In Alabama, the U.S. Supreme Court put the lower court’s ruling on hold, essentially saying there wasn’t enough time to redraw maps ahead of the election and that it would take up arguments in the fall. The court also delayed a ruling that would have allowed the creation of a second majority-Black district in Louisiana, until it can hear arguments in the Alabama case. Any ruling is unlikely to come before 2023.
In Florida, the GOP-led Legislature approved — and an appeals court upheld — a map created by Republican governor and potential 2024 presidential contender Ron DeSantis that would dismantle at least one district where Black voters have a strong say at the polls.
“What this ultimately means is that [Black voters] will not have as big of a voice as they should if the districts were drawn more fairly,” said Robert Hogan, a professor and chair of Louisiana State University’s political science department.
In Alabama, GOP lawmakers packed most Black voters into only one of seven congressional districts, even though 27% of the state’s population is Black.
In Louisiana, where nearly one-third of the state’s population is Black, GOP lawmakers approved a map containing five majority-white districts, all of which favor Republican incumbents. The 2nd Congressional District, held by Democratic U.S. Rep. Troy Carter, is the sole Black-majority district. It stretches from the New Orleans area along the Mississippi River up to the capital city of Baton Rouge.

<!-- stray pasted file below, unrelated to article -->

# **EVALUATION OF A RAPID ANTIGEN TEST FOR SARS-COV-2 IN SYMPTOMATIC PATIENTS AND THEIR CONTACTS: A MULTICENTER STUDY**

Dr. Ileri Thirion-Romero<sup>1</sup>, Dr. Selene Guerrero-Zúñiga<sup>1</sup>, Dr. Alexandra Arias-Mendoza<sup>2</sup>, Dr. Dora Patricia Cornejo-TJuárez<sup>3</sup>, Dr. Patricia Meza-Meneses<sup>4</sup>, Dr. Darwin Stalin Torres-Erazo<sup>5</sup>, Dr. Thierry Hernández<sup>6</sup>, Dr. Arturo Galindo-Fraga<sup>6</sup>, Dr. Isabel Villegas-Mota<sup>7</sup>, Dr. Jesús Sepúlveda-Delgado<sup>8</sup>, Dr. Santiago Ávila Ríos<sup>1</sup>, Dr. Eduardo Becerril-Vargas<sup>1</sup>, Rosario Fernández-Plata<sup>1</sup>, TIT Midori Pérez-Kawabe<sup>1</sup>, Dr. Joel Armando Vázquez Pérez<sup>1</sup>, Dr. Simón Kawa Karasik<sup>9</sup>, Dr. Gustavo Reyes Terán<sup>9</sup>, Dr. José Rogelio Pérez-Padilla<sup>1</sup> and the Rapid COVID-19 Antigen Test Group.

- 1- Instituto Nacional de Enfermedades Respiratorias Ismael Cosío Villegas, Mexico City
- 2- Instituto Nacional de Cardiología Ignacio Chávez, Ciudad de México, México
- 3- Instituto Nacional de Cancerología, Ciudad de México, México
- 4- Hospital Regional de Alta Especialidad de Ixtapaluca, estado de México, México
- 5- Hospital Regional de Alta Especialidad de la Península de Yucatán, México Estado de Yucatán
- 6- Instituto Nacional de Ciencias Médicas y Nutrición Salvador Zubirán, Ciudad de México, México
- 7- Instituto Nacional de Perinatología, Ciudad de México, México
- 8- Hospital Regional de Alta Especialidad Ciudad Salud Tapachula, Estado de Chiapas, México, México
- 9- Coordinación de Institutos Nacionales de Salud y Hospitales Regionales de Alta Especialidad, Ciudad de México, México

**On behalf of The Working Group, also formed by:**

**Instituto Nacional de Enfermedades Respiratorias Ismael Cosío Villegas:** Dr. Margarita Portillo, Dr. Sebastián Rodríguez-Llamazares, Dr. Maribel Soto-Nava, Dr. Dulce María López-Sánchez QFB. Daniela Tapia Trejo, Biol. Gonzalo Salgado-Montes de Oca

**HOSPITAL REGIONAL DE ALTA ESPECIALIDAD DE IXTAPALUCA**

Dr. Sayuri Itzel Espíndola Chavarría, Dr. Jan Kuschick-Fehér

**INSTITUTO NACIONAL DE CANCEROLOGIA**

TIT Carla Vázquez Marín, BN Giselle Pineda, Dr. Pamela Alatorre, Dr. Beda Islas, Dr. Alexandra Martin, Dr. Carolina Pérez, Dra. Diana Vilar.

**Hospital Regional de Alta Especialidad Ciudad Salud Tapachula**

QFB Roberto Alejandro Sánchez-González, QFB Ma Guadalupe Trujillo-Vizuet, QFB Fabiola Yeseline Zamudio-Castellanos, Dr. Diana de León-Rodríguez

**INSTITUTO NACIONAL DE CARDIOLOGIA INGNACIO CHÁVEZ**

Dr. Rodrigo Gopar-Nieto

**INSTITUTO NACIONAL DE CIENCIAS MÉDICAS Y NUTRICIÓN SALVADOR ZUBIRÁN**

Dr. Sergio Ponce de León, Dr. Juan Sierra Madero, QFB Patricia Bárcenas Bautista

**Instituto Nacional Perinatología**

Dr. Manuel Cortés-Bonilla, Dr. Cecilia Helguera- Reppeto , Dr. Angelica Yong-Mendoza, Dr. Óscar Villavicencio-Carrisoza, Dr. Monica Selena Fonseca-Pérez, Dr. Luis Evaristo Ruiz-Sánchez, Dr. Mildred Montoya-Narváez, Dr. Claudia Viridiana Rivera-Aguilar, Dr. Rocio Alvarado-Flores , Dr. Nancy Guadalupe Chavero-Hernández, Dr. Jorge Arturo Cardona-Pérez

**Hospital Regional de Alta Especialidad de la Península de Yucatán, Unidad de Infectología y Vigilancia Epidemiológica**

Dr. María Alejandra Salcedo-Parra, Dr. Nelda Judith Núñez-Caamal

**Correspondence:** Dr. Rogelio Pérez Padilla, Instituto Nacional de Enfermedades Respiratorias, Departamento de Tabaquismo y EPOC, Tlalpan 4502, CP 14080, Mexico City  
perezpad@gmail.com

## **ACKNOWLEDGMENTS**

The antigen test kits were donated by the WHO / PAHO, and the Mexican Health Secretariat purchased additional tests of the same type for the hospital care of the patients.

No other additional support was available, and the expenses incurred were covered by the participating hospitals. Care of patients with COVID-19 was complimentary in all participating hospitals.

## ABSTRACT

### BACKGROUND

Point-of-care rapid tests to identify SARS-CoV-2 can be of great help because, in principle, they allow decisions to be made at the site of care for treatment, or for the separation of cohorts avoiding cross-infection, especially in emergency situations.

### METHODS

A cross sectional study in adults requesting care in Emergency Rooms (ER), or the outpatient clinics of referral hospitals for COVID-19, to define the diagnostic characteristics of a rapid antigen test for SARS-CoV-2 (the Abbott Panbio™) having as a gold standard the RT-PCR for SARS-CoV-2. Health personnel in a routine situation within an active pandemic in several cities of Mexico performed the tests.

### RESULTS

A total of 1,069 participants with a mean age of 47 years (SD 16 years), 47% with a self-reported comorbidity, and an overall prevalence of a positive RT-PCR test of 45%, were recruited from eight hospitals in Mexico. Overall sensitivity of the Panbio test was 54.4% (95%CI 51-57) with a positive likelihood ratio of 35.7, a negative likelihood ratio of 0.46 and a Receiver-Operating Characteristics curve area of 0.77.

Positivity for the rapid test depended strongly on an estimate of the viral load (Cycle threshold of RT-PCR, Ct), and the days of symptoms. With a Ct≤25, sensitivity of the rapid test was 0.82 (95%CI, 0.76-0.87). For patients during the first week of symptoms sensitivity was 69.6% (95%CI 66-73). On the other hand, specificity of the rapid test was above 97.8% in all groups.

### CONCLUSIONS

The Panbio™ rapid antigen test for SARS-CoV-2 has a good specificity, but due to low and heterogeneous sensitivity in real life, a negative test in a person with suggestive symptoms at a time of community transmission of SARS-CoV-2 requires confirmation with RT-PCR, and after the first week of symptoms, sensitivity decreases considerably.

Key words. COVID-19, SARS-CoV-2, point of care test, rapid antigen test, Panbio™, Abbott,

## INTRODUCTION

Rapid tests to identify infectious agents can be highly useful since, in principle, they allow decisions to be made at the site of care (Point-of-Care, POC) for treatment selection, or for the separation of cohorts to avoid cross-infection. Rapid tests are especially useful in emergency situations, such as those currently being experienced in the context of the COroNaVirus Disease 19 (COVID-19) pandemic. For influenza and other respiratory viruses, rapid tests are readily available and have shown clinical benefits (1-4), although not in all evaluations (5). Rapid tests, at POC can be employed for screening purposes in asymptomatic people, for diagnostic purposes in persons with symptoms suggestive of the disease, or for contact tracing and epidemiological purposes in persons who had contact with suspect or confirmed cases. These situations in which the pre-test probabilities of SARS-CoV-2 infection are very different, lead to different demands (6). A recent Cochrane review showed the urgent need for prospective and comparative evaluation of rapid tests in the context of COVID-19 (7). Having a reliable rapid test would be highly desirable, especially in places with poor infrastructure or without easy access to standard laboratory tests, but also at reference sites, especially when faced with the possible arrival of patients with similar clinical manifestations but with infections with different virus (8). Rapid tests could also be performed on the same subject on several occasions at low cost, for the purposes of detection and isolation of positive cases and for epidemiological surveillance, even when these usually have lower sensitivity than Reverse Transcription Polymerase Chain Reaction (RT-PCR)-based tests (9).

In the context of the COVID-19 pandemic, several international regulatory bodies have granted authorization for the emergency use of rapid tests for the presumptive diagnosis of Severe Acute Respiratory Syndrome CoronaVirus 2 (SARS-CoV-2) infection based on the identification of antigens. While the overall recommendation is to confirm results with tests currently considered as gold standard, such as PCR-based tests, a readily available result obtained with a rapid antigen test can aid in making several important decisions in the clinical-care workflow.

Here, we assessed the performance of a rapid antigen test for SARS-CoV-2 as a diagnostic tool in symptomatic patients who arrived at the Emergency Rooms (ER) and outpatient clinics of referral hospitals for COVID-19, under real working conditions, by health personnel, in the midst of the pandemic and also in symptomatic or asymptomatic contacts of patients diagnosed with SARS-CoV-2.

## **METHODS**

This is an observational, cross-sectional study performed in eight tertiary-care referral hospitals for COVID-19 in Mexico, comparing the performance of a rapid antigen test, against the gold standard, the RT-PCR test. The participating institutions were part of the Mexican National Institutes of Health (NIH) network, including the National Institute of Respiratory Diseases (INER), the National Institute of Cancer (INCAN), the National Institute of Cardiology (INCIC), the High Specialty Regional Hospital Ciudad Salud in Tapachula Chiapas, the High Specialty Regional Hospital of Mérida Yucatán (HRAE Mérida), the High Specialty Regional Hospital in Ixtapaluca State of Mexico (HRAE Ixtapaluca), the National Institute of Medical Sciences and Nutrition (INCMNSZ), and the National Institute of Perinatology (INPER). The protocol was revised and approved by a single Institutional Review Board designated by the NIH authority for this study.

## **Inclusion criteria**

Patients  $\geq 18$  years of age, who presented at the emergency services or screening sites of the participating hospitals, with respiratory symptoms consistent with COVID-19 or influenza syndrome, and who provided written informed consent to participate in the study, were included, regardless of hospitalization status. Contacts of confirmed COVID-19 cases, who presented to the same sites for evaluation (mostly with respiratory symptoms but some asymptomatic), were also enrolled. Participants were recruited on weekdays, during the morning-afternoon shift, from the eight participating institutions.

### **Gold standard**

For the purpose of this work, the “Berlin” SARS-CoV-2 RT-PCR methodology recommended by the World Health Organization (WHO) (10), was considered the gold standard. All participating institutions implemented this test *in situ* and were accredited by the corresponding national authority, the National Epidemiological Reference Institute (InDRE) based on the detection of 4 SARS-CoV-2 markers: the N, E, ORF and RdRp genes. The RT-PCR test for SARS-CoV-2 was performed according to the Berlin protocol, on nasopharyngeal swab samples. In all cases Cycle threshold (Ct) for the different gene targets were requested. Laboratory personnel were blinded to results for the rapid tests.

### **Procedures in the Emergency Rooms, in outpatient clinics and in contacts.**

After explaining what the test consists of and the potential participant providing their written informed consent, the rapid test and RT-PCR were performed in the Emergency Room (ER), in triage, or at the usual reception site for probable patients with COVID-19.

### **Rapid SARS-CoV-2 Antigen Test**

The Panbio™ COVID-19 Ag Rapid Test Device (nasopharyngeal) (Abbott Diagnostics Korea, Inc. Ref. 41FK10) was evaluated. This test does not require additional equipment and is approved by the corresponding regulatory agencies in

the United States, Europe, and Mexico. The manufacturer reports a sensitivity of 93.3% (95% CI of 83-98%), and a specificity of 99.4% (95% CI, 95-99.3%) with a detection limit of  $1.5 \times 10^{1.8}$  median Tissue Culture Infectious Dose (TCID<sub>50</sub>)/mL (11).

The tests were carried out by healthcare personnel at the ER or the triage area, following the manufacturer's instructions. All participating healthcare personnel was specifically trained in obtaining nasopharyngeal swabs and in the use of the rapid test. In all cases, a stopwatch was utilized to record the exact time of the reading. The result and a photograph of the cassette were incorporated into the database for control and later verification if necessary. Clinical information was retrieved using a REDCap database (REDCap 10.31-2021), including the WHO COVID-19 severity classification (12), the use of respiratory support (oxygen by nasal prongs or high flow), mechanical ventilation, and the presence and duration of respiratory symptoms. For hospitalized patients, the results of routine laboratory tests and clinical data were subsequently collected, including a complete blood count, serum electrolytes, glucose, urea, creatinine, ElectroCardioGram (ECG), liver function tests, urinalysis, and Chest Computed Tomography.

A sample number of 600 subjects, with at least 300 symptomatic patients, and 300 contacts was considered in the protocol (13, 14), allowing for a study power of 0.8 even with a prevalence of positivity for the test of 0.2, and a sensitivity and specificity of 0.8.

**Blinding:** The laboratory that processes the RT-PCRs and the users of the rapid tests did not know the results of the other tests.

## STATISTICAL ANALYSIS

Democrats and Black activists want two Black-majority districts instead of just the one.
“We want our seat at the table,” Louisiana state Rep. Denise Marcelle, a Democrat and Black caucus member, said during a recent legislative session. “It’s real simple. ... Give us an opportunity to elect another Black seat so that we can fight for the issues that we believe our people want us to fight for.”
But Republican leaders say placing the state’s widely dispersed Black population in two districts would actually result in very narrow Black majorities that could diminish Black voter power.
There is also another reason why the GOP generally opposes — and Democrats support — additional majority-Black districts. For decades, Black voters have overwhelmingly voted Democratic. Adding Black-majority districts could boost the party’s representation in the House.
Republicans “want to use the Voting Rights Act to the extent that it helps put all the African Americans in one district and it creates very noncompetitive, heavily Republican districts around it,” Hogan said. “But, when you take the Voting Rights Act out too far and try to create a second district ... you’re taking away from the Republicans.”
The way Robinson sees it, though, it’s not about more Democratic seats and fewer Republican ones; it’s about fundamental rights for which Black voters have fought too long and hard to let slip away.
“This is 2022. I thought that once we got past those initial hurdles in the ’60s that things would really just move forward and that we would be treated as regular Americans,” Robinson said. “But we are not.”